What I’d like to say, however, is that you are completely entitled to love this show, and I know there are many fans of this show. That said, I also think it’s perfectly fine for people to prefer One Spring Night. Different strokes for different folks, as they say. Just because you prefer this show, doesn’t mean that One Spring Night is not good. Also, I am familiar with the idea that dramatic tension needs to be introduced in order to keep a story interesting. To that end, I was personally more satisfied with how OSN dealt with the conflicts it introduced, compared to how SITR dealt with its conflicts. Again, it’s a personal opinion, and I don’t begrudge your preference for SITR. I would say though, that I did not, as you say, give up when things started to go wrong, since I did finish the show – and therefore was able to write this review.

      Let’s agree to disagree; the dramaverse is diverse enough to cater to all our varying tastes, and big enough, so that we can all be friends who don’t judge each other for not liking the same things we do. 🙂

      Reply
    2. Geo

      @Julia: It’s interesting how a show can be so polarizing to the viewers. Having watched both SITR and OSN, in that order, and being a relative newcomer to Kdramas, perhaps I could add a few comments.

      OSN doesn’t hit the highs of SITR but I found it much more mature and realistic take on how a relationship can develop and survive societal and family pressures. Essentially, SITR is an almost perfect rom-com until the relationship is exposed to the world and family. At that point, the relationship disintegrates given the immaturity of the individuals and the rom-com morphs into a melodrama, all the romantic and comedic elements disappear, there’s no fun anymore. It’s okay to create a melodrama about the tragedy of a failing relationship due to external pressures but it’s tricky to tack this on as a second half to a rom-com. This created expectations in the viewer that “crash landed ” in the second half for me. All credit to you and a number of others who stayed high on SITR but the show lost me.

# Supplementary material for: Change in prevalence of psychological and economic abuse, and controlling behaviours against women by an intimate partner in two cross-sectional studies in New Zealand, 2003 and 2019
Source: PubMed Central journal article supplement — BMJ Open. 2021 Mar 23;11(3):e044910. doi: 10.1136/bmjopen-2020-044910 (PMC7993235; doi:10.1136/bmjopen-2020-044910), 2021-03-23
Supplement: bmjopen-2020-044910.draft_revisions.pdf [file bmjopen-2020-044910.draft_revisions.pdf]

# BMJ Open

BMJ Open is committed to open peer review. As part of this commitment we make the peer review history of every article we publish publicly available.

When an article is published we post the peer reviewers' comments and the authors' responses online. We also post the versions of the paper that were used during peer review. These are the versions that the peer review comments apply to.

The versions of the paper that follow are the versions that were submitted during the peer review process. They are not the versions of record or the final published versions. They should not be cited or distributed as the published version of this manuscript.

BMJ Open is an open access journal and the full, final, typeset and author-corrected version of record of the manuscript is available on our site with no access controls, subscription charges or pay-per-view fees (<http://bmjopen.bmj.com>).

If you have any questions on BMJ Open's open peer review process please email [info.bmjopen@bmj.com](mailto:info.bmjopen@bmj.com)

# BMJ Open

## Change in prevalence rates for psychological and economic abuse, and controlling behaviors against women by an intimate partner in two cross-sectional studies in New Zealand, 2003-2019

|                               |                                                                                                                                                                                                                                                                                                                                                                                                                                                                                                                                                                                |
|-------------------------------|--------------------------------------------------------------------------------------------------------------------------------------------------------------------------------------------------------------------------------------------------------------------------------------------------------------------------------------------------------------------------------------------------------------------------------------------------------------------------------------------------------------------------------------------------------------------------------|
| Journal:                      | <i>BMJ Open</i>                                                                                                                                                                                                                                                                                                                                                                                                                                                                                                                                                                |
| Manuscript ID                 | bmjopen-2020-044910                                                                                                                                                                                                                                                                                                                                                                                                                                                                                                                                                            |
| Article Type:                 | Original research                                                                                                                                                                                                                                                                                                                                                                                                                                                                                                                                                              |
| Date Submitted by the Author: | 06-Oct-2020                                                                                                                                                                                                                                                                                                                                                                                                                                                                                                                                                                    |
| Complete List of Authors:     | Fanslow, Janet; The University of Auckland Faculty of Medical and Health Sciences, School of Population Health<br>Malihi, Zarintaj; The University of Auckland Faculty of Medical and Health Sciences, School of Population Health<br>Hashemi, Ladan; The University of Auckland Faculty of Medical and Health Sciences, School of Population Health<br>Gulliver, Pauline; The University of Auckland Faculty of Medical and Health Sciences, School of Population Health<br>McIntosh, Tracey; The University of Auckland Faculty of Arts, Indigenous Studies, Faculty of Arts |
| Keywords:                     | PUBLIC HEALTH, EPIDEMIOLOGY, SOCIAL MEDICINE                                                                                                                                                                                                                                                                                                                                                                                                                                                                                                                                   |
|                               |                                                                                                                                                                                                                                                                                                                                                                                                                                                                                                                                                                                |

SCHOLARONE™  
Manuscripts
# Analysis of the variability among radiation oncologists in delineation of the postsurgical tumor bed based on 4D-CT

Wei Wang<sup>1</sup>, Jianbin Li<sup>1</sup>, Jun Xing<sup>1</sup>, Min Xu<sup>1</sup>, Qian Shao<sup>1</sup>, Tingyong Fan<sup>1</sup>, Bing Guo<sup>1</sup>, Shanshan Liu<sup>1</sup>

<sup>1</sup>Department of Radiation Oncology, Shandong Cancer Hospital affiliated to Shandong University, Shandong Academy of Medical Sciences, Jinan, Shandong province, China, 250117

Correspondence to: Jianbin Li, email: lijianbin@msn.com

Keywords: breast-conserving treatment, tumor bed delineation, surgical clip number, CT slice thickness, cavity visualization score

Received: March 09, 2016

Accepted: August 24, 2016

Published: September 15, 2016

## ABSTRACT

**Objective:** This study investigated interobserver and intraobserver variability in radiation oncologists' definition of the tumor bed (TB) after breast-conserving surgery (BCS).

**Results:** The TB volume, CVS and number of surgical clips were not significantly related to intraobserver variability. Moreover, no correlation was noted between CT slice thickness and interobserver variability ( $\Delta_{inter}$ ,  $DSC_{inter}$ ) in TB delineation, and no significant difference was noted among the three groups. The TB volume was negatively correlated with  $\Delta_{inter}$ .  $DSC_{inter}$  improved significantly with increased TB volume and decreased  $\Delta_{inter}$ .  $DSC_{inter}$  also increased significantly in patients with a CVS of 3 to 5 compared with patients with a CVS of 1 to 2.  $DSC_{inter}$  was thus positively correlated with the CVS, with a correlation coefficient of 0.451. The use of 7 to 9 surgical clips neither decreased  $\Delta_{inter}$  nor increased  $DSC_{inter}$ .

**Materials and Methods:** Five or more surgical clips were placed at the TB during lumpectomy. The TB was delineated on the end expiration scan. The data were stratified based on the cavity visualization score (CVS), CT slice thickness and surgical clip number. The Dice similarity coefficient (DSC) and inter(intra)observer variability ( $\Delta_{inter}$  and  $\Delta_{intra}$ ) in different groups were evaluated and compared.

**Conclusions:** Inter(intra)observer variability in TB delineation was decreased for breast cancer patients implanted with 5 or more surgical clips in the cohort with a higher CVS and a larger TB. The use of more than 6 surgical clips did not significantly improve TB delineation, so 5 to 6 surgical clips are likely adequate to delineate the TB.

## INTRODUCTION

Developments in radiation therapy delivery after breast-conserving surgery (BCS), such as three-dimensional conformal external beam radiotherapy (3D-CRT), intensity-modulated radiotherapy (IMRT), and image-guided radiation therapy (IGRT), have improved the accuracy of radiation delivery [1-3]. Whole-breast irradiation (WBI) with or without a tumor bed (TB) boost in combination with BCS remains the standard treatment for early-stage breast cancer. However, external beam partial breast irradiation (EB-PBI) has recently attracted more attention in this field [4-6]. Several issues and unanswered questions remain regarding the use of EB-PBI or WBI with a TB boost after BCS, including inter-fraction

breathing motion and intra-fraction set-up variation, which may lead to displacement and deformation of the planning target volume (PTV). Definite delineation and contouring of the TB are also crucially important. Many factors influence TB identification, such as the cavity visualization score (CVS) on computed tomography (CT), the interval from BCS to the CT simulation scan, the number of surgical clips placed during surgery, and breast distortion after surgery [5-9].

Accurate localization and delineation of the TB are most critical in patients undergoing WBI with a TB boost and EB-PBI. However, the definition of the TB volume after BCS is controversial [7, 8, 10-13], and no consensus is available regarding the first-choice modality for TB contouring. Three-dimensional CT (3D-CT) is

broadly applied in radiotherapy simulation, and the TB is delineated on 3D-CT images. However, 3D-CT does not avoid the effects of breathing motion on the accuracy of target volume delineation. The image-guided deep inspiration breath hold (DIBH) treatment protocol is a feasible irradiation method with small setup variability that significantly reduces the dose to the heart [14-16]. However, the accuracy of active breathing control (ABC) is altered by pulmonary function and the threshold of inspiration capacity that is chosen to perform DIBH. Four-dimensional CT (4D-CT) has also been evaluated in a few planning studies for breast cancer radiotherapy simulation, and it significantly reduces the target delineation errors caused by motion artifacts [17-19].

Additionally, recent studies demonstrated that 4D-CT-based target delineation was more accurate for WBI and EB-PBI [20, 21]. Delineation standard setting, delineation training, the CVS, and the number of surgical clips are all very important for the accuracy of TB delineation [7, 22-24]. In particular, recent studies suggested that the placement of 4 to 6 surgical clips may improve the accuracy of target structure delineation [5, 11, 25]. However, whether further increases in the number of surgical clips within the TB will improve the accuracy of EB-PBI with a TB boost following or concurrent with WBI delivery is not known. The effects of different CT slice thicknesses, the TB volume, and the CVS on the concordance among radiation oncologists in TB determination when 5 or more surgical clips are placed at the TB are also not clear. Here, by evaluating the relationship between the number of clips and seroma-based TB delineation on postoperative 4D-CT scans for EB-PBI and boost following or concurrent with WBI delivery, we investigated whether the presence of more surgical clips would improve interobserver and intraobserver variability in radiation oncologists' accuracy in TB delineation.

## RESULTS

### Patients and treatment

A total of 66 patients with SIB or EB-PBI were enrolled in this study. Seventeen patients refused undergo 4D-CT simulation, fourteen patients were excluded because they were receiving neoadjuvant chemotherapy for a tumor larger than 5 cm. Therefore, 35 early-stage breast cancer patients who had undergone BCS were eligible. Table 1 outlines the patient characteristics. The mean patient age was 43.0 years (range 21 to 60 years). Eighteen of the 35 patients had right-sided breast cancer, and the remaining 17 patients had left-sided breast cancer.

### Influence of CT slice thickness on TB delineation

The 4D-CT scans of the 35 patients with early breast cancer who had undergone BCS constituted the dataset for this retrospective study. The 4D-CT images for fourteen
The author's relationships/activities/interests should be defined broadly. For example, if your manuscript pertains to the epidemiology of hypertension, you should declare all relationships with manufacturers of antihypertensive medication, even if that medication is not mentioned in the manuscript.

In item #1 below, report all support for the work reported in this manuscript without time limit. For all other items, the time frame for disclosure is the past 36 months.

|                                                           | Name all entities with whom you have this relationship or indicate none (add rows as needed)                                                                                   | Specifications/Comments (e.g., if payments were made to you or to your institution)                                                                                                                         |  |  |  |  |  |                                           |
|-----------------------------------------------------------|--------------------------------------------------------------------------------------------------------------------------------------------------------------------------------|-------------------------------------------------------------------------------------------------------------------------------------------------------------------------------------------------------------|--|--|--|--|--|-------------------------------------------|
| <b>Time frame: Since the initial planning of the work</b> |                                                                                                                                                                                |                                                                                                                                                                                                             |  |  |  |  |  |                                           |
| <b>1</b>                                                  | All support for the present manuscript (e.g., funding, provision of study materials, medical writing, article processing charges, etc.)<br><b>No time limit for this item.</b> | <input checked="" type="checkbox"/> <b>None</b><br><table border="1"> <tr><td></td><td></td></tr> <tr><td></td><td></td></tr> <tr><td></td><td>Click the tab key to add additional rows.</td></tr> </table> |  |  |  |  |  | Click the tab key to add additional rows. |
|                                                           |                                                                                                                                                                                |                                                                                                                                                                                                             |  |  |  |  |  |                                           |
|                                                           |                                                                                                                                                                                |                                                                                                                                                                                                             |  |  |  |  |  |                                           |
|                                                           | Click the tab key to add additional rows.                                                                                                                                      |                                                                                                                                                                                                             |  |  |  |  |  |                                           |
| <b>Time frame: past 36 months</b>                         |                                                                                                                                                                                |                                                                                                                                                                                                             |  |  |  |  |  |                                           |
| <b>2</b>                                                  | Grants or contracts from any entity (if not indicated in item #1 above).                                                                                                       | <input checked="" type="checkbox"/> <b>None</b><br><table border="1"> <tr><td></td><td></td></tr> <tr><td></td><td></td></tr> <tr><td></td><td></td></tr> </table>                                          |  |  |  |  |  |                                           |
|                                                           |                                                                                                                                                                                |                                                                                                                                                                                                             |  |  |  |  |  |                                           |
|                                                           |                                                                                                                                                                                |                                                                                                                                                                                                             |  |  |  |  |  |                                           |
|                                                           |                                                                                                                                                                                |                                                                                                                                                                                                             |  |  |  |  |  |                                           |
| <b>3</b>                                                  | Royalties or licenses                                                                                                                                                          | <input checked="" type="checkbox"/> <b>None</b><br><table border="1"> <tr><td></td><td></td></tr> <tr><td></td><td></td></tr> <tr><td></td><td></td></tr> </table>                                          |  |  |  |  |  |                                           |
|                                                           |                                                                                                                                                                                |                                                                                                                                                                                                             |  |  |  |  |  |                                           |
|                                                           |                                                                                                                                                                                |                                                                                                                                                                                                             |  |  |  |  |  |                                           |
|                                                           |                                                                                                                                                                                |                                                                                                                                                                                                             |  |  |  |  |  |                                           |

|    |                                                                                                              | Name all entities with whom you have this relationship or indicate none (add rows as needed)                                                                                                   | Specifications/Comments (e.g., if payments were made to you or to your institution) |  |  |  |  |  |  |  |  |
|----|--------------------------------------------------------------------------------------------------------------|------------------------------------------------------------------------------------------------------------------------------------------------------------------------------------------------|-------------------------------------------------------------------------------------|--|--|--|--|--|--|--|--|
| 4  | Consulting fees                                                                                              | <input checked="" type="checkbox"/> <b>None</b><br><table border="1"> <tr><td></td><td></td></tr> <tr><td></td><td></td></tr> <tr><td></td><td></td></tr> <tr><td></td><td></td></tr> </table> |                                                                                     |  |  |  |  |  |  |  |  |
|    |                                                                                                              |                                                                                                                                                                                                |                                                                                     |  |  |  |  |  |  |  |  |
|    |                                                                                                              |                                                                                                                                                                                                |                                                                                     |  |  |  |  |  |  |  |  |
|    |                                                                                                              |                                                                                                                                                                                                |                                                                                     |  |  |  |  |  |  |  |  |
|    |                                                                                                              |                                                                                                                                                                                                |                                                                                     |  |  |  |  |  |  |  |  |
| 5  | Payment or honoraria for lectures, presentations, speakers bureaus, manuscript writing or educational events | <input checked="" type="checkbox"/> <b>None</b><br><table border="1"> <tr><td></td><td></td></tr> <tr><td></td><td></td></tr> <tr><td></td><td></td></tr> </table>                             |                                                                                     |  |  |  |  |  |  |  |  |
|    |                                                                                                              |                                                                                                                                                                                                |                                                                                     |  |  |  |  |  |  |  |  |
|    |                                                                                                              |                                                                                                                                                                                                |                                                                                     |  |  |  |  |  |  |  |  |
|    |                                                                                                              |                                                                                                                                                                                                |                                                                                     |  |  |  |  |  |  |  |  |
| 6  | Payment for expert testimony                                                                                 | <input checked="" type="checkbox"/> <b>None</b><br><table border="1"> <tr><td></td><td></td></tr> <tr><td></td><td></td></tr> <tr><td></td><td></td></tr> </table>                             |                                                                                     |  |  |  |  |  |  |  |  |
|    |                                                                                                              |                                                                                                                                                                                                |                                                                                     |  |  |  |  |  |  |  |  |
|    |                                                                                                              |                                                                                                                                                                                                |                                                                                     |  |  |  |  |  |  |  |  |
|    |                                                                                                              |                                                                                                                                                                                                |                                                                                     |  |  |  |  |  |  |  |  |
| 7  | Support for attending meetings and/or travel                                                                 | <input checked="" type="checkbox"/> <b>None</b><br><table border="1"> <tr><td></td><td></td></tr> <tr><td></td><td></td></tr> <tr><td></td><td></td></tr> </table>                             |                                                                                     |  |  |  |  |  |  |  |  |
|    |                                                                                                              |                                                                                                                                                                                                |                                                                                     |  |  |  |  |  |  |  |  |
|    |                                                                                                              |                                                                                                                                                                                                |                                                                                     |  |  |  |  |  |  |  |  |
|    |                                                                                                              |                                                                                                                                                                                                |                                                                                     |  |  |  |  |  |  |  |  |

You’re right that we shouldn’t be too hard on actors for their role, their job is to deliver a convincing performance of the character, following the director/writer’s lead. However, human nature being what it is, it’s difficult for some of the feelings for a character not to spill over onto the actor. Emotions are much stronger than logic or reason and good agents and managers know this and so are very careful in selecting roles for their clients. It’s not entirely fair but that’s reality to varying degrees for us all. But I think for me, the writing/directing were more at fault here, the schizophrenic nature of the show, an out and out drama tacked onto a delightful rom-com. This plays with the viewer’s emotions with not entirely unexpected results.

      As a side note, I remain a big Son Ye Jin fan and totally agree with you on her role in CLOY

      Looking back, I’m not surprised many viewers prefer SITR to OSN, I still on occasion re-watch clips of SITR (first half) while I don’t think I’ve done so with OSN, the highs of SITR were so good.

      This is what makes life interesting, the differences in how we perceive things. If we were all the same, it would be boring.

      Reply
    3. A Reviewer

      Hm… looks like we are talking about three different shows in this sidebar, CLOY, OSN, and SitR. What is common between the three; all have a social or political forces that obstruct blossoming of a relationship and its sustainability in the future. CLOY’s premise being the hardest to overcome, followed by SitR and SON. Between SitR and OSN, I am not sure about which is a harder social taboo to overcome, as I have very little understanding of Korean culture.

      The crew make their best effort to bring us shows that we enjoy. The final product is team effort.